Could a writer for the newspaper's opinion pages nonetheless be able to make a compelling case that Abbas has "long preferred negotiations" over the unilateral moves he has been pursuing with such gusto? Perhaps. But it's certainly not for a news reporter to assert this questionable conclusion as fact.

Overruling Israeli Legal Experts

In a separate article today, Jodi Rudoren references a proposed 2014 nationality bill that, she says, "would emphasize Israel's Jewishness over its democratic nature."

Rudoren correctly noted that the bill had angered many, including Arabs and Jews who believed, or interpreted, or opined that it emphasized Israel's Jewishness "over" its democratic nature. And while she didn't mention it, there were also many Jews and Arabs who didn't share that view. But her language treats the former opinion as fact, and thus (yet again) inappropriately editorializes in a news story.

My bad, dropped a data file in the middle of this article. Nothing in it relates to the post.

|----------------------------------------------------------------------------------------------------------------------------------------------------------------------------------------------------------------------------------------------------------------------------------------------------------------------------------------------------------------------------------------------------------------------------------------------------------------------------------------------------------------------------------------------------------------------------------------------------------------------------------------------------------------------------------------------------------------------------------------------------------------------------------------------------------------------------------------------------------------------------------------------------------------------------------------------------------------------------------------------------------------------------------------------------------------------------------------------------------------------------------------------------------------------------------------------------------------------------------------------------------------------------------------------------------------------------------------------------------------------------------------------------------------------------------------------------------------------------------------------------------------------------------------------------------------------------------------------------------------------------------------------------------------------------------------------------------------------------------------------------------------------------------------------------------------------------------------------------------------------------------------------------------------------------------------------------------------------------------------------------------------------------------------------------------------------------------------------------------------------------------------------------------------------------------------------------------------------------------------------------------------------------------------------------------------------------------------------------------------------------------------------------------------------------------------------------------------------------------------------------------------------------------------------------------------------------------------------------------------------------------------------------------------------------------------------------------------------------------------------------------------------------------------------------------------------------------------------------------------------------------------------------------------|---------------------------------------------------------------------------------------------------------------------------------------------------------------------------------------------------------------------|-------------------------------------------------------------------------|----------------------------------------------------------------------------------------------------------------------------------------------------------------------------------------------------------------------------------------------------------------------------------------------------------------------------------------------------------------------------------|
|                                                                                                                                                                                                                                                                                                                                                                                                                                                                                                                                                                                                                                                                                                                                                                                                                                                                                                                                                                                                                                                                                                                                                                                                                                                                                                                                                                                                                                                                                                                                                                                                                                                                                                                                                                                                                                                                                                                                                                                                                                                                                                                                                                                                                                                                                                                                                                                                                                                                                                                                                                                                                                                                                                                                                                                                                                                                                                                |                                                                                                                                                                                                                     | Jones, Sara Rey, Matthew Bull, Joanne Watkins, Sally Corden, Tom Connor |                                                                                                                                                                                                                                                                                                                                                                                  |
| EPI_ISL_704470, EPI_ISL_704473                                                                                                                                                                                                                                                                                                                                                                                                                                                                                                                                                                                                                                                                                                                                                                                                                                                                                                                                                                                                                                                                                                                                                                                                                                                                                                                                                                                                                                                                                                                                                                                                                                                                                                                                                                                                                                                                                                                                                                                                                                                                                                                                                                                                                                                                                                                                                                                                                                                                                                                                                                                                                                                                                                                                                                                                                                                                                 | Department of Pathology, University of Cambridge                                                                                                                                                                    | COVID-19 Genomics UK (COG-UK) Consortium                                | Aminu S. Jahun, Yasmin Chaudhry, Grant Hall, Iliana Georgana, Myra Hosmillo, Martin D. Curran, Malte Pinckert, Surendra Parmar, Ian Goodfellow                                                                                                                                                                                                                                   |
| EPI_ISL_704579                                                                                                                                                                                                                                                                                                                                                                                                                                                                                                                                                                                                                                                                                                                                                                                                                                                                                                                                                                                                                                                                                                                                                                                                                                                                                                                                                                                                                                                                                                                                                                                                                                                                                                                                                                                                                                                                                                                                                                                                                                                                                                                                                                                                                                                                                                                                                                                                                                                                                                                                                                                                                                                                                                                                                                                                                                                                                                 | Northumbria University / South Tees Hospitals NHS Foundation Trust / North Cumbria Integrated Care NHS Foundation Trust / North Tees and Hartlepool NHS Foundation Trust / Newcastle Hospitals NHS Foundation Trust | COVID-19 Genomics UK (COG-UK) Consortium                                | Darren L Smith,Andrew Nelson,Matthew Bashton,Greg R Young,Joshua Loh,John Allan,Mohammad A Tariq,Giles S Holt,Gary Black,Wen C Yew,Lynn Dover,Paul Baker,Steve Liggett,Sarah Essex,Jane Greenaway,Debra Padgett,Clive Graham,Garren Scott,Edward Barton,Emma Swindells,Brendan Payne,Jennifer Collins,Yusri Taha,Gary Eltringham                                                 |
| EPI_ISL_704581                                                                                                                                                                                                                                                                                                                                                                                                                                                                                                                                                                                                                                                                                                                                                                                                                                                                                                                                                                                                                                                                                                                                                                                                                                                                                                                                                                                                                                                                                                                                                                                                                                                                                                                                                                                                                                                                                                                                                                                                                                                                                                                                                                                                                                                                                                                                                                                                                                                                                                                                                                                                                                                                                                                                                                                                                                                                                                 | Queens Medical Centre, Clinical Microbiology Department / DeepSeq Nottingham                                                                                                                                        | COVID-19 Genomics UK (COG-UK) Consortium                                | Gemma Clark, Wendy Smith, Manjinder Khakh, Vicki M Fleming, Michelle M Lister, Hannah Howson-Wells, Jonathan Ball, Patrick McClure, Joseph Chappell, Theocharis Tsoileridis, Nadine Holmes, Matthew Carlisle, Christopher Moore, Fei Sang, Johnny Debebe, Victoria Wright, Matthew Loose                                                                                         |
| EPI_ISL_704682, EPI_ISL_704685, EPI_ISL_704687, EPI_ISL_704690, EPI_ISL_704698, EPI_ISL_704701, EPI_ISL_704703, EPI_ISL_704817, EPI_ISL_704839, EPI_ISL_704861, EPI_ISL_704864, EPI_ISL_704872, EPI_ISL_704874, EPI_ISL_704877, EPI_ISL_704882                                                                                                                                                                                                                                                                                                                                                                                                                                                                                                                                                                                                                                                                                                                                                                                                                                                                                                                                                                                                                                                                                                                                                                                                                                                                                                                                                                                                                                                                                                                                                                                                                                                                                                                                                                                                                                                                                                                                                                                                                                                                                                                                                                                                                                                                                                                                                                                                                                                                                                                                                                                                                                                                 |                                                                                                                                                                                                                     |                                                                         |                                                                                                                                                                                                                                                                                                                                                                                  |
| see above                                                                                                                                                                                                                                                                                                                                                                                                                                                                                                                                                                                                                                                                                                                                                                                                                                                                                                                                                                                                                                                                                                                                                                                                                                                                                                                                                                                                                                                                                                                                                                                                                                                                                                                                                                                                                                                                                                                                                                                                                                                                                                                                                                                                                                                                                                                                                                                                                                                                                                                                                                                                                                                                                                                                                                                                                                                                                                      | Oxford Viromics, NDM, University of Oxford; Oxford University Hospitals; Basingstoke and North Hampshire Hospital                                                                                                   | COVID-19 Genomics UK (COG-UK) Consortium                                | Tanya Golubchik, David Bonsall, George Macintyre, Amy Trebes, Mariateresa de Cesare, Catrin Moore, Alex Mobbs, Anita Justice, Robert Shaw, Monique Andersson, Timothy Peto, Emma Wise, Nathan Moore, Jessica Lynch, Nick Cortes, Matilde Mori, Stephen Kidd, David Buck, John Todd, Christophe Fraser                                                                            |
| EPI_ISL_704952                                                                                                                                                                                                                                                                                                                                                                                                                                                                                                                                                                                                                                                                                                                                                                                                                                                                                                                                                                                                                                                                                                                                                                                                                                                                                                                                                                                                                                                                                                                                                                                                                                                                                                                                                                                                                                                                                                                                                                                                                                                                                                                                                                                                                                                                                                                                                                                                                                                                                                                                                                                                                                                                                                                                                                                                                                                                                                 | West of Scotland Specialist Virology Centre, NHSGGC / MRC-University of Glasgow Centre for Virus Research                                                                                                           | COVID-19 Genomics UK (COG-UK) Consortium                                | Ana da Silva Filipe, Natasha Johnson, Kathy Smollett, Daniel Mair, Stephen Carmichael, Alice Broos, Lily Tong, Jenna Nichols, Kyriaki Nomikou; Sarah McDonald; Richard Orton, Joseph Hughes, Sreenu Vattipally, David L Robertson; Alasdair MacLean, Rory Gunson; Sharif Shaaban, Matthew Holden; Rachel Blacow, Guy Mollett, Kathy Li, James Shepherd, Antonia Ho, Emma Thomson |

It is certainly is not clear that the bill elevated Israel's Jewish nature over its democratic one. According to a respected poll, 52% of Jewish Israelis and 12% of Arab Israelis "do not believe that passing the Nation State Law will contradict the principles embodied in the Israeli Declaration of Independence, according to which Israel will be a Jewish and democratic state."

About one version of the bill — Netanyahu's draft, which was supported by his cabinet — Israel's deputy attorney general for legislation Orit Korin stated that "We believe the correct legal reading of the wording shows that equality is included among the principles on which the government bill on this matter will be based."